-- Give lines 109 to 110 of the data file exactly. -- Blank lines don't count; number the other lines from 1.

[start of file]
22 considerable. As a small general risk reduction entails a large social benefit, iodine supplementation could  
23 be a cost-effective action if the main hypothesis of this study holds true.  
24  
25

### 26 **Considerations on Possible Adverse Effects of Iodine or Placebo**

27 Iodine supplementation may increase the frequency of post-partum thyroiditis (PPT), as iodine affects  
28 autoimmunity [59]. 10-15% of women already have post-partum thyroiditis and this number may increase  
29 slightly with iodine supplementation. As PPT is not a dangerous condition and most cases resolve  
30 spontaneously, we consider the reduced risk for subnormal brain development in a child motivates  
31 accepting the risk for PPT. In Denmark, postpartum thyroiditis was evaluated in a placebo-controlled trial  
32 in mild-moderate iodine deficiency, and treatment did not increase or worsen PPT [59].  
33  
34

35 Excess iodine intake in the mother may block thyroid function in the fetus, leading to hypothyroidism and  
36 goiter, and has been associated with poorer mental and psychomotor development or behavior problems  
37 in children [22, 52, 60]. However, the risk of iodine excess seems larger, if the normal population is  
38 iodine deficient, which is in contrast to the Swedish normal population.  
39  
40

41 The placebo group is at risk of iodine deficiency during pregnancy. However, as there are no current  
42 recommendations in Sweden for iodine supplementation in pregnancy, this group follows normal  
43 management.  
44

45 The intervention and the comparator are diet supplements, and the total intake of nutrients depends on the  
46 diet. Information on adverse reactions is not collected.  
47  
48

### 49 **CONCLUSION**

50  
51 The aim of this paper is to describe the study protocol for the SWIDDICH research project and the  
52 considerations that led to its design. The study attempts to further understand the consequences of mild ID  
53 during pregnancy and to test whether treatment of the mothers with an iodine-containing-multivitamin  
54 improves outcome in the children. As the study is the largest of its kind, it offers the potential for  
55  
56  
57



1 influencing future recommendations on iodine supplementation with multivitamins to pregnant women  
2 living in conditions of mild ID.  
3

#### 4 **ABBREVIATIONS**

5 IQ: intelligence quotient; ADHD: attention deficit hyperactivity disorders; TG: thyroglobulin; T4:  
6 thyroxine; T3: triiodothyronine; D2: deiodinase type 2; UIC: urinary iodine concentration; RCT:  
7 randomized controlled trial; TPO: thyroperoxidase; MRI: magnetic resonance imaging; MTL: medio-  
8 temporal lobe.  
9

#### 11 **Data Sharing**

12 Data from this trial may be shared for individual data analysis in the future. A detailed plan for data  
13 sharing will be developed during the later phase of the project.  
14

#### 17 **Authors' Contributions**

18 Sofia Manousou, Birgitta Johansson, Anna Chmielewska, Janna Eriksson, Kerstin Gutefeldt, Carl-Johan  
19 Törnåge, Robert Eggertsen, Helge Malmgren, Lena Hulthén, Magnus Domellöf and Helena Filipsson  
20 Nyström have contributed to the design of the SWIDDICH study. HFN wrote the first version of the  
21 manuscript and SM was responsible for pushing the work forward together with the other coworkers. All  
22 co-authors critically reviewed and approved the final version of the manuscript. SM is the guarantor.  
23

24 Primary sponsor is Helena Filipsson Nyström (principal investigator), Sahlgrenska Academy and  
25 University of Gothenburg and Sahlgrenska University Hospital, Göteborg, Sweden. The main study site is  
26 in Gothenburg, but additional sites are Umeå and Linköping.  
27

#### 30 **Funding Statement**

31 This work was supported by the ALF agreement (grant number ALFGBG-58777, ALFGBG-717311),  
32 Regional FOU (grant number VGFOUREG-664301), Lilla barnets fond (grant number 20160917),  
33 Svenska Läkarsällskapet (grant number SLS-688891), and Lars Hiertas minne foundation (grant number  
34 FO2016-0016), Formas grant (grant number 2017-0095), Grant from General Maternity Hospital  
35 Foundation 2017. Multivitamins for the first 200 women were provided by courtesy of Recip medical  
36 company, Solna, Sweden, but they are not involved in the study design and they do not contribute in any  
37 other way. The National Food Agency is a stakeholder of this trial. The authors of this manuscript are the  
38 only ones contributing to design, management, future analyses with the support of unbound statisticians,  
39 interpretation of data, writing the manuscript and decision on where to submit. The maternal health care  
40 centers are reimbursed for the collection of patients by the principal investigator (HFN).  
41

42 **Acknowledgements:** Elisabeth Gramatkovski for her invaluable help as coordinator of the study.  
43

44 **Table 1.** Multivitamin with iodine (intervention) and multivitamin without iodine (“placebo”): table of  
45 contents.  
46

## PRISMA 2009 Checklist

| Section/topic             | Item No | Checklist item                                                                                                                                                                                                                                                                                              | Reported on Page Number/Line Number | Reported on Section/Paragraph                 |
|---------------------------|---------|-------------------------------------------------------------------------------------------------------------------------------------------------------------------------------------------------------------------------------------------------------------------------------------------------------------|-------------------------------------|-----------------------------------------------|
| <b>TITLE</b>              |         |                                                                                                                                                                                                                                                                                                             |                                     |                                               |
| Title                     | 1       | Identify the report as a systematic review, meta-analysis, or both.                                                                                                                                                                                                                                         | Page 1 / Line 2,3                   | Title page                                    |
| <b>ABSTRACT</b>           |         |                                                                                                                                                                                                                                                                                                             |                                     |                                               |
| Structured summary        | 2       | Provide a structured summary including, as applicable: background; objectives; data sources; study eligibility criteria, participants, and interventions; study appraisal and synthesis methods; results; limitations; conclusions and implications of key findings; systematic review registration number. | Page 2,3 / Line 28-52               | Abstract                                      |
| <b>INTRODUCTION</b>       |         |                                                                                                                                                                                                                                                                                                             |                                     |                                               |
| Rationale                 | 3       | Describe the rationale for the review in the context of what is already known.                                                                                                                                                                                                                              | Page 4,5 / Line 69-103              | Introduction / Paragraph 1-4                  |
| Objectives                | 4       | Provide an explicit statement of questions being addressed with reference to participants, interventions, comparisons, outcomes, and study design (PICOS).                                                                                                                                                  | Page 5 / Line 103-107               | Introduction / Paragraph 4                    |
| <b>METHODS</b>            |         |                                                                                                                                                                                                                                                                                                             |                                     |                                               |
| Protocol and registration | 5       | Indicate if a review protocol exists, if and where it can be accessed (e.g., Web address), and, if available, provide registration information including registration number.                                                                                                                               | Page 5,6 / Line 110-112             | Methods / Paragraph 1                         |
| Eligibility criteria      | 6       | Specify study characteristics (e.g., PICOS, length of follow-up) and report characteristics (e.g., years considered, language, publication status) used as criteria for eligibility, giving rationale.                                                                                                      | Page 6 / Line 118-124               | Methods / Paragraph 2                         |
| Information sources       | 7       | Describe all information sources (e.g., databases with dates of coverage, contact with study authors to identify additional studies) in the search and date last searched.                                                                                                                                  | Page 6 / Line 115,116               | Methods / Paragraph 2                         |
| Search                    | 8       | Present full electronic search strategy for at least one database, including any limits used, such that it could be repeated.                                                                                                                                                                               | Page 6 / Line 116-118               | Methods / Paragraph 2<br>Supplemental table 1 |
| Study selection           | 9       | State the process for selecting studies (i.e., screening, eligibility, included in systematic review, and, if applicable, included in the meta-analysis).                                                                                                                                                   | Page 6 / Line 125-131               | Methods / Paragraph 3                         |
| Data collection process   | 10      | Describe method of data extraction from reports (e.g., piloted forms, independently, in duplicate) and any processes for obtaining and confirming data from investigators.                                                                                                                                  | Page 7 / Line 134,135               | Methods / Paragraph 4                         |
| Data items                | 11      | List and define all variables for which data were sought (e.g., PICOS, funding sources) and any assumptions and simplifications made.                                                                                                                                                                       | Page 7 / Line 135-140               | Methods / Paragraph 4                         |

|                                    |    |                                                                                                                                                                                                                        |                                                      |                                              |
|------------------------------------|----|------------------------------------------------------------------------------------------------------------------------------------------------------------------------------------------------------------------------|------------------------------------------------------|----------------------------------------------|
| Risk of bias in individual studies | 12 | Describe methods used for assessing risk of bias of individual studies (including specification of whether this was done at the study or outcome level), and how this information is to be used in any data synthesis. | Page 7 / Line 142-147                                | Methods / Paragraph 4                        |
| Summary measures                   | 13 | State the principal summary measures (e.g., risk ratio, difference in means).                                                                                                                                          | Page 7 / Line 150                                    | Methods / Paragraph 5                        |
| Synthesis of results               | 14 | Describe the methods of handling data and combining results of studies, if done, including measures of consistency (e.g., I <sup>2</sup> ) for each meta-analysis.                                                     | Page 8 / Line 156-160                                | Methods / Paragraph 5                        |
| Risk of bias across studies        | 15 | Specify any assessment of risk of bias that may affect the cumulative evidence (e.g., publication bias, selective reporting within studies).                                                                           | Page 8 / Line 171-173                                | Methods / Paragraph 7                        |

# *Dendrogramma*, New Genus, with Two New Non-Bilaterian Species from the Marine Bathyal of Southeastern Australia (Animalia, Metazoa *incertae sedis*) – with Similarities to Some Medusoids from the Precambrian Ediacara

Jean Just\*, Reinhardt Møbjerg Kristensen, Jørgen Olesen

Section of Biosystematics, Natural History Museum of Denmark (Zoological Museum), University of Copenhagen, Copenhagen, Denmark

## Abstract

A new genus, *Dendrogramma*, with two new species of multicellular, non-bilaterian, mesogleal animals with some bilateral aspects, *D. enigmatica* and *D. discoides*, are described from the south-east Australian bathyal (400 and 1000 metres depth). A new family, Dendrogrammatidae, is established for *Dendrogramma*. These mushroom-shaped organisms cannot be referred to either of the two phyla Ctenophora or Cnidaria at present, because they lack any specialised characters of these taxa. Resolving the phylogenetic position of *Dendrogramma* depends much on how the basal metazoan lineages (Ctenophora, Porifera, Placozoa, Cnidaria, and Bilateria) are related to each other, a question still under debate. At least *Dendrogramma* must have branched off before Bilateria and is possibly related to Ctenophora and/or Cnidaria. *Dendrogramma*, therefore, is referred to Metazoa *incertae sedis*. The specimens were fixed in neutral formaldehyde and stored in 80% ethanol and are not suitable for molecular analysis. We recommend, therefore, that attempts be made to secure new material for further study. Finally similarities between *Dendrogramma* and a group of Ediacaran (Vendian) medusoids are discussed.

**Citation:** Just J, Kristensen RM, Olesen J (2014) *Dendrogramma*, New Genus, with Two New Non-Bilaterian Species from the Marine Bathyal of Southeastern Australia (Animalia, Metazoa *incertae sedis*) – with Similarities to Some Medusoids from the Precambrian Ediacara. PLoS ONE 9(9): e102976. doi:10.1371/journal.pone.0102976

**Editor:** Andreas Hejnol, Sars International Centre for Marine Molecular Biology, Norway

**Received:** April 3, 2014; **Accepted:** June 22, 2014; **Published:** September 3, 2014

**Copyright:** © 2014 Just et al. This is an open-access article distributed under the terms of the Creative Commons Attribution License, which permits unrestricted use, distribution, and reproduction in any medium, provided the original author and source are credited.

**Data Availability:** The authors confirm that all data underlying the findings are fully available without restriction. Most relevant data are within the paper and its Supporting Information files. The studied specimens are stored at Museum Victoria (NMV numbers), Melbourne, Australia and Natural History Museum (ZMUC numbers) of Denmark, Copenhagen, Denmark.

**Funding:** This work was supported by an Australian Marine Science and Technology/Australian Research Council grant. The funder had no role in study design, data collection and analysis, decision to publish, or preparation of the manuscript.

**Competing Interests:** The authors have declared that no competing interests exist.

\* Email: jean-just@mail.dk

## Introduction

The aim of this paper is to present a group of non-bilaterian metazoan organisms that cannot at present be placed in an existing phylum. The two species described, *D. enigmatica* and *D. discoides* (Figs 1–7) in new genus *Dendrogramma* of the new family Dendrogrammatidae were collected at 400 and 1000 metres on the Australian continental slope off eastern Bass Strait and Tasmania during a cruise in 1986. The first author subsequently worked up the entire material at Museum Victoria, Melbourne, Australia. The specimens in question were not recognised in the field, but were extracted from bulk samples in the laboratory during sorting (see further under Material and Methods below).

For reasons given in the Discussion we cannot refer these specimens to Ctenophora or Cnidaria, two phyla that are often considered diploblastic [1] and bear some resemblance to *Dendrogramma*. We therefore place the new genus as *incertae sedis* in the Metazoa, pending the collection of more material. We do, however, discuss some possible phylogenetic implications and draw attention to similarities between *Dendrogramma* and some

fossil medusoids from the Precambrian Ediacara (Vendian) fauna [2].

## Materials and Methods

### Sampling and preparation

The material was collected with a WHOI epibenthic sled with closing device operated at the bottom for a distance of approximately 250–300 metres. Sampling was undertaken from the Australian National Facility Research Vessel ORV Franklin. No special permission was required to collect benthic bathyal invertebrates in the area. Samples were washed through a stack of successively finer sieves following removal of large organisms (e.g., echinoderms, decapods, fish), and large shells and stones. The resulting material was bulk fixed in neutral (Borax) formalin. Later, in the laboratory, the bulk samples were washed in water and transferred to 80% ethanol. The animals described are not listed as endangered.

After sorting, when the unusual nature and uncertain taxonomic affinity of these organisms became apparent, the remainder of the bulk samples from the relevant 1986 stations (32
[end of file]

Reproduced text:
**Received:** April 3, 2014; **Accepted:** June 22, 2014; **Published:** September 3, 2014

**Copyright:** © 2014 Just et al. This is an open-access article distributed under the terms of the Creative Commons Attribution License, which permits unrestricted use, distribution, and reproduction in any medium, provided the original author and source are credited.